I observed the walks and runs ended in the same jolly crude singing, joking about all the shit and mud they had been through, and thinking of the most embarrassing sexual innuendos for names for new comers to the group. 

I was simply not very comfortable in this seemingly careless and rather obnoxious walking style. Nevertheless, I found myself giving another shot to this HASH walk for Haresh's sake, our dog Bijli and Kavita who loves walking. 

This last Saturday, we walked through an especially vulnerable community spread across a very swampy area of town. There was mud everywhere and, we carefully followed a trail set across this mud and swamps. A passer by offered to help me across a single plank over a wide section of a swamp. After a couple of steps, the plank cracked in two and, we both fell into this extremely dirty swamp. The hare (the person who has set the trail and leads the walk) jumped in behind me and, the ones in the front helped me out. 

I was completely overwhelmed and, disgusted. I felt I had fallen into sewage, a gutter. The community member who was trying to help me himself fell into this filth and, I was overcome with embarrassment. I apologised over and over and, I'm sure his mobile phone was damaged.  I walked in a daze and, was met with people from the same community. A few them were extremely concerned and offered to get me new clothes. Another fellow holding his daughter in arms smiled and said "Welcome to Africa." I could only smile.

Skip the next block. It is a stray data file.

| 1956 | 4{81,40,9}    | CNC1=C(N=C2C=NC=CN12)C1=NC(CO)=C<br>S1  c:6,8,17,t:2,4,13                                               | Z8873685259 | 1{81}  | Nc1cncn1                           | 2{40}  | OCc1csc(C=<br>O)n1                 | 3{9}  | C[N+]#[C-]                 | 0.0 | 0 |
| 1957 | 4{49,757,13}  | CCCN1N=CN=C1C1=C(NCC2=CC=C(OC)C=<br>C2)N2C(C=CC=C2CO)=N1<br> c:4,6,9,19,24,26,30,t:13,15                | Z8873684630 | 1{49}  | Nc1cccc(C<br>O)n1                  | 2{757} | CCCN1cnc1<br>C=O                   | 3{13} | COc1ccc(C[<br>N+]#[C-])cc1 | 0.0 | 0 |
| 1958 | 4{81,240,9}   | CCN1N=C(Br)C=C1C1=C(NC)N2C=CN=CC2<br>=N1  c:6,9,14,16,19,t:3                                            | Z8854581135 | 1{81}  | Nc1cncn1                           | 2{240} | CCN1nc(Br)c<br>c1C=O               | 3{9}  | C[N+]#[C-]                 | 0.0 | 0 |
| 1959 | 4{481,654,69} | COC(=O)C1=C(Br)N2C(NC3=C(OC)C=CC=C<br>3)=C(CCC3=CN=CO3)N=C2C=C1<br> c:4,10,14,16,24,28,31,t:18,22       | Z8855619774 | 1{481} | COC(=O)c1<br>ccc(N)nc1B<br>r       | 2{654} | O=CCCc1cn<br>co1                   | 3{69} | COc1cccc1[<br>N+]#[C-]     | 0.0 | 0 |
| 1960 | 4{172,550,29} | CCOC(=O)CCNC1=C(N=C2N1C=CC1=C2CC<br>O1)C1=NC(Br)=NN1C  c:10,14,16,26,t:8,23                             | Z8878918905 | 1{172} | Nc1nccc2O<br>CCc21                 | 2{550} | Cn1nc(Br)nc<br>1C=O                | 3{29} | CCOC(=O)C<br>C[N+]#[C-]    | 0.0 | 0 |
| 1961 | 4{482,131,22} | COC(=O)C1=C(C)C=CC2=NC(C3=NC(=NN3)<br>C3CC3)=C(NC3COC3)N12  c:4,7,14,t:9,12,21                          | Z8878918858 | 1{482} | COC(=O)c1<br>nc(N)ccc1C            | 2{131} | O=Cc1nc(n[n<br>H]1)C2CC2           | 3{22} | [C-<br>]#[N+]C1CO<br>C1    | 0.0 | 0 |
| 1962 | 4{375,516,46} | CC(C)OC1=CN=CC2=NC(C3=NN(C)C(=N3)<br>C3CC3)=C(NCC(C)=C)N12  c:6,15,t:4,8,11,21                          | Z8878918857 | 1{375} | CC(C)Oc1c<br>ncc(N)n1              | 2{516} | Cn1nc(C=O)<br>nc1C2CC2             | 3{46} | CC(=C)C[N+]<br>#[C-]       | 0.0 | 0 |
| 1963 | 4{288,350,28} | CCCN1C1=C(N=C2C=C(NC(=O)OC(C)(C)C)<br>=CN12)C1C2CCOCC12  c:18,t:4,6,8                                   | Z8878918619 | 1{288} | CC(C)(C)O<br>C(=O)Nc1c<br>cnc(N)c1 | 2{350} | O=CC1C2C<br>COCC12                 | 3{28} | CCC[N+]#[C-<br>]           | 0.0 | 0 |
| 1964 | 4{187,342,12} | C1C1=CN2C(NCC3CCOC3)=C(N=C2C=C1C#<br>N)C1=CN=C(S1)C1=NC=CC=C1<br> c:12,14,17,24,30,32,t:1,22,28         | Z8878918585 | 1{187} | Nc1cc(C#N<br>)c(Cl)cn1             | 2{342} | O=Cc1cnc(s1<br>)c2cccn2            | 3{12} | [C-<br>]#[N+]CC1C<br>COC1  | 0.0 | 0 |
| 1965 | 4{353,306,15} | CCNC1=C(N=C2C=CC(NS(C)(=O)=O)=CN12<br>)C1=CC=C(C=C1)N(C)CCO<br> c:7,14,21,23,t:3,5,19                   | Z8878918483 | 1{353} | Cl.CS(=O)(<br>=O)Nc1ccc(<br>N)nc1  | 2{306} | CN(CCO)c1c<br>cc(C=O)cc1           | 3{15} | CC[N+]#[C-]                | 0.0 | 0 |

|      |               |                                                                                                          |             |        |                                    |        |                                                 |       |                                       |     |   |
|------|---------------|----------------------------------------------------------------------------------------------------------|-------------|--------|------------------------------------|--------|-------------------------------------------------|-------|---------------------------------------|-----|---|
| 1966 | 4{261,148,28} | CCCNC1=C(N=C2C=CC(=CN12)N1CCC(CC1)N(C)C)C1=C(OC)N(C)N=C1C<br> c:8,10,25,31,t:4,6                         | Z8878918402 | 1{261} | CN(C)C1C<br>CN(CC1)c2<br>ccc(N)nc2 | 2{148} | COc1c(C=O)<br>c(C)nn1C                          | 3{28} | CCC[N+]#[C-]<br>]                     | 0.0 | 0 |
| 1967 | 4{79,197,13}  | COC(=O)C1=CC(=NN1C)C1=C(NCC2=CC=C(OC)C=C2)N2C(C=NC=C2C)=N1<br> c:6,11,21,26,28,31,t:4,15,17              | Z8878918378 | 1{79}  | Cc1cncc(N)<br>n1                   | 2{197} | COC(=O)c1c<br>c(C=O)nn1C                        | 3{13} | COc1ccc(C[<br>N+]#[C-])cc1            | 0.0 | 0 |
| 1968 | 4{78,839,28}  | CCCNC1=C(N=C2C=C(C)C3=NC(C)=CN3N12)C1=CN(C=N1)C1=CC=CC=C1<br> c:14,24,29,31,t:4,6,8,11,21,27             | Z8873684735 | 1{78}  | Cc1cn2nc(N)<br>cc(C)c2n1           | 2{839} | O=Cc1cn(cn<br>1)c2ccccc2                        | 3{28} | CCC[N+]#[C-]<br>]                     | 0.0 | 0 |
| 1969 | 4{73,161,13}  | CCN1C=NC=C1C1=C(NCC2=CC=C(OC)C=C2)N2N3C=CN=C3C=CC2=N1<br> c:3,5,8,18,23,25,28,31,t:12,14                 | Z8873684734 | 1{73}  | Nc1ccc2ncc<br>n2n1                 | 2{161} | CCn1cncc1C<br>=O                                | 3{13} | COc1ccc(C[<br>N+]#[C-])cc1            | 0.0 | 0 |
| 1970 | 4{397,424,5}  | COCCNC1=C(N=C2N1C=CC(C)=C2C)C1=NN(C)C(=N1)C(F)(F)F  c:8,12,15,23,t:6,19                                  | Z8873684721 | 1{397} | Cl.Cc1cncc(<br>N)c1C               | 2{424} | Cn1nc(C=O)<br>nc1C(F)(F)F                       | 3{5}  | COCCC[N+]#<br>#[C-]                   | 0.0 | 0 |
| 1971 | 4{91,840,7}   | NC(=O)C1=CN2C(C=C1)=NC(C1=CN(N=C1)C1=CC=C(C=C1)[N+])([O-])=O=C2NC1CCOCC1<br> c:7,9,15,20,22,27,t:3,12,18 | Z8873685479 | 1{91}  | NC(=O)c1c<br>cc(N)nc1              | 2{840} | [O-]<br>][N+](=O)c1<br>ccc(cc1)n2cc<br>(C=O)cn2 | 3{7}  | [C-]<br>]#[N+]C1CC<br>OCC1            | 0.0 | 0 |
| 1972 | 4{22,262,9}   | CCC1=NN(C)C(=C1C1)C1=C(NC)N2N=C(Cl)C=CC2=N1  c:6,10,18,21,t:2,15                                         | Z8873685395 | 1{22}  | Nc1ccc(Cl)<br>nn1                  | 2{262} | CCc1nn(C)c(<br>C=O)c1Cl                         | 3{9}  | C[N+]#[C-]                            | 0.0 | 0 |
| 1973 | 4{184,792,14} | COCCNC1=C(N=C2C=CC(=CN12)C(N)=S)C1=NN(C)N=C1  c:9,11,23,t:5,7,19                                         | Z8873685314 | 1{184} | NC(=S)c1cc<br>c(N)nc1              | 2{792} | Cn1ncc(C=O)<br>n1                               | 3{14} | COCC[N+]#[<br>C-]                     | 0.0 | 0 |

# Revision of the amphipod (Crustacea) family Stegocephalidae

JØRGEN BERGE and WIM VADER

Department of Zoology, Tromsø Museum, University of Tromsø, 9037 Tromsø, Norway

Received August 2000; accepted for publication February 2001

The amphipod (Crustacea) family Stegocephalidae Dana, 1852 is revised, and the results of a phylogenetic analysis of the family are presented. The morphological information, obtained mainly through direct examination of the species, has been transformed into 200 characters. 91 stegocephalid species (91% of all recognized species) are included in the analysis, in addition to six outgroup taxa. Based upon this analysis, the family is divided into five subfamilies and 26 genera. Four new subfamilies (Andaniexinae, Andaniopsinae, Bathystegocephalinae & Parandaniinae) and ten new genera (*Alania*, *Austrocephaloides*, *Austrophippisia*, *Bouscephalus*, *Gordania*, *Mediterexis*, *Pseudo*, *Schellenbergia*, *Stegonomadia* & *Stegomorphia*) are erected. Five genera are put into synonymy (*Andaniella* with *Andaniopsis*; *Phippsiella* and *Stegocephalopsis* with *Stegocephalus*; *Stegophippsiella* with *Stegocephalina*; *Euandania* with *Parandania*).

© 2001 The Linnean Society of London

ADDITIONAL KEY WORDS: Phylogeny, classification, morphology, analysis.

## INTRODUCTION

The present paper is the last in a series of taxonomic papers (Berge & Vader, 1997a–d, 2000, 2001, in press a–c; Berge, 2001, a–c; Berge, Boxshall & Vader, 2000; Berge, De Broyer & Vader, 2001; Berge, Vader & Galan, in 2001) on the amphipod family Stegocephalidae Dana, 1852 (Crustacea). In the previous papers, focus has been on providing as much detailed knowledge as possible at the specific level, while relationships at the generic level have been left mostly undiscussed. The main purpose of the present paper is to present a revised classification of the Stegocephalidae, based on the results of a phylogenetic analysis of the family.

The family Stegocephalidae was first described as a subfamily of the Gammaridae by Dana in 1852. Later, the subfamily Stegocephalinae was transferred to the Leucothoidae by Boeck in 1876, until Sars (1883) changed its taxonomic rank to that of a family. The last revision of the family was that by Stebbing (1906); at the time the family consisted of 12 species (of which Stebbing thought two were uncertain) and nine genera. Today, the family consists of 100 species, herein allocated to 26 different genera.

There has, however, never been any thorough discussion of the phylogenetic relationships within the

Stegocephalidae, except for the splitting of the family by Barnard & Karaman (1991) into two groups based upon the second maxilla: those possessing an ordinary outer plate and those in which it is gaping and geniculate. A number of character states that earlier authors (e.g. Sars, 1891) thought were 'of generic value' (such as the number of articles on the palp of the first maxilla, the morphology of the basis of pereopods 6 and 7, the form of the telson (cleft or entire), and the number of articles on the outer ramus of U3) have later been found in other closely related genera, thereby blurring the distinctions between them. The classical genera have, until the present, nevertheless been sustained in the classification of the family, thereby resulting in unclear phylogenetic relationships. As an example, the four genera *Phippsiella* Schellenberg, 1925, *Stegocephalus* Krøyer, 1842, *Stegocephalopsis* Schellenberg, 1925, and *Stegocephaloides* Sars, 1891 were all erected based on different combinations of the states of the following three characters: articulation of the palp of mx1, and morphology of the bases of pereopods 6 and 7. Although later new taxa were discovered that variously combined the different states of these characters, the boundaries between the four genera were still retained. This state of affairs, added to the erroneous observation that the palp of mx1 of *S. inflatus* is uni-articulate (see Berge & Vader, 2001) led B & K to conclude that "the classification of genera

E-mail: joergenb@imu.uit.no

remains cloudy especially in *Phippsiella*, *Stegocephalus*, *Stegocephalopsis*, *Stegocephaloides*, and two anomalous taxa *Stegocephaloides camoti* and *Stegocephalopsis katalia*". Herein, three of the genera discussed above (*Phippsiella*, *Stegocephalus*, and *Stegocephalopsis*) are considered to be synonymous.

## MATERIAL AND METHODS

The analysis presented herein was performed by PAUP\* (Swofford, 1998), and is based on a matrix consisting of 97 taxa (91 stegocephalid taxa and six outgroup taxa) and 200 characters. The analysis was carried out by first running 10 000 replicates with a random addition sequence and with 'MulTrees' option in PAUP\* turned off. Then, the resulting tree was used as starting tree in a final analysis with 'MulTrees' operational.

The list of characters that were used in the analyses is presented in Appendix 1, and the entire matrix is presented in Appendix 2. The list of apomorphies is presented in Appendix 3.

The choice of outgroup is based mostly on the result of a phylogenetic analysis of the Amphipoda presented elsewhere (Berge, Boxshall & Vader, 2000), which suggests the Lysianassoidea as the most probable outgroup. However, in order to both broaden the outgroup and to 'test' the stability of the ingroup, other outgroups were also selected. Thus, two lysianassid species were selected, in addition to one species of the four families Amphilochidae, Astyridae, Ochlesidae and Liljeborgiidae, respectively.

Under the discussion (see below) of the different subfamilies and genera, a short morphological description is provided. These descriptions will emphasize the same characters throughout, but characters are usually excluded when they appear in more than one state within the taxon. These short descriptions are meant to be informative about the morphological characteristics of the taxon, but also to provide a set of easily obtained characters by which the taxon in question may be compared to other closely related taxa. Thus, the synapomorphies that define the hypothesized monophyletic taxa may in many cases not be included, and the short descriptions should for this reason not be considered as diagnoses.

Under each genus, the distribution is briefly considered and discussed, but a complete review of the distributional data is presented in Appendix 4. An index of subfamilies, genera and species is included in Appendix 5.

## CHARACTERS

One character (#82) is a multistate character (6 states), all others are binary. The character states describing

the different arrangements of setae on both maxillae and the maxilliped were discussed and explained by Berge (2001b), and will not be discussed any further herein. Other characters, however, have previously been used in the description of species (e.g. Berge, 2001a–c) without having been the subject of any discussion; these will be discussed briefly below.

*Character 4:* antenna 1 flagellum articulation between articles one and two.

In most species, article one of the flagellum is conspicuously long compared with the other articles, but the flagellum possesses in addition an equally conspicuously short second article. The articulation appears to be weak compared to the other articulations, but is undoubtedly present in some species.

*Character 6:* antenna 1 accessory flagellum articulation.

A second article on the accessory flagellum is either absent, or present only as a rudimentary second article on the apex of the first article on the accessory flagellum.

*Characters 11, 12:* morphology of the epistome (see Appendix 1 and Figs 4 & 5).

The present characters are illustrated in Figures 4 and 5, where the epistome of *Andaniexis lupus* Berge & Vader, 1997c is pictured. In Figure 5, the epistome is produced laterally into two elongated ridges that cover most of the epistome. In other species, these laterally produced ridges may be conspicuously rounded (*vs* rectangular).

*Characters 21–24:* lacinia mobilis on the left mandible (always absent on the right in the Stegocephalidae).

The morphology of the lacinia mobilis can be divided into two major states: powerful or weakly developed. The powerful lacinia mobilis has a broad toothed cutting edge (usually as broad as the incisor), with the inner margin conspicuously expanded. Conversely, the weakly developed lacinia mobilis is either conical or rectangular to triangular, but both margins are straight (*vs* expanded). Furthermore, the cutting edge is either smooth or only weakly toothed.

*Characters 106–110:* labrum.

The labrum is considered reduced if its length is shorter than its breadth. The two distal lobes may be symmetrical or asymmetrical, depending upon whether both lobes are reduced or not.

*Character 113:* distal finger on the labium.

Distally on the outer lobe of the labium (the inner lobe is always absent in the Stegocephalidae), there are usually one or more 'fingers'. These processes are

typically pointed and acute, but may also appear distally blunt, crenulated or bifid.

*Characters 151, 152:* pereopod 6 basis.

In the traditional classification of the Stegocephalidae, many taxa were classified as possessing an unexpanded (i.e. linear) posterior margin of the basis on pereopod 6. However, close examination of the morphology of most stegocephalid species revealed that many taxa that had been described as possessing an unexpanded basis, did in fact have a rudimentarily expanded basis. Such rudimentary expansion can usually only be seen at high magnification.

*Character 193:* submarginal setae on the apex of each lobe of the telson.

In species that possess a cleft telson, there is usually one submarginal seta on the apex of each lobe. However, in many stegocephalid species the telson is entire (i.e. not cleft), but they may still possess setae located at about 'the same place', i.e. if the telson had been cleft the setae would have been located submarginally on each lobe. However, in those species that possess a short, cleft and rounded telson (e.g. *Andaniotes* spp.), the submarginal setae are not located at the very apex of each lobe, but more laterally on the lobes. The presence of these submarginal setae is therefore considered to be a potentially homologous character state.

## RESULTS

I felt angry and embarrassed and, also grateful for my friend and hare Kelly who didn't even pause for a second and jumped right into the swamp to help me out. I felt grateful to the community members who were so generous with helping me, offering to get me new clothes and, then dumped a couple of buckets of water on me, hauled from the well. 

I felt like an ignorant expatriate who I so self righteously claim I am not. I am too serious to pass through the most vulnerable societies who live in ram shackle homes in swamps that regularly get washed away in the rainy season, fending for themselves. I am too serious to pass through all this for fun unless I am actually going to do anything about it. I can't take it lightly. I am too serious. Even if I am not saving anyone, let me at least be embarrassed about inequality and injustice  in my own private corner at home.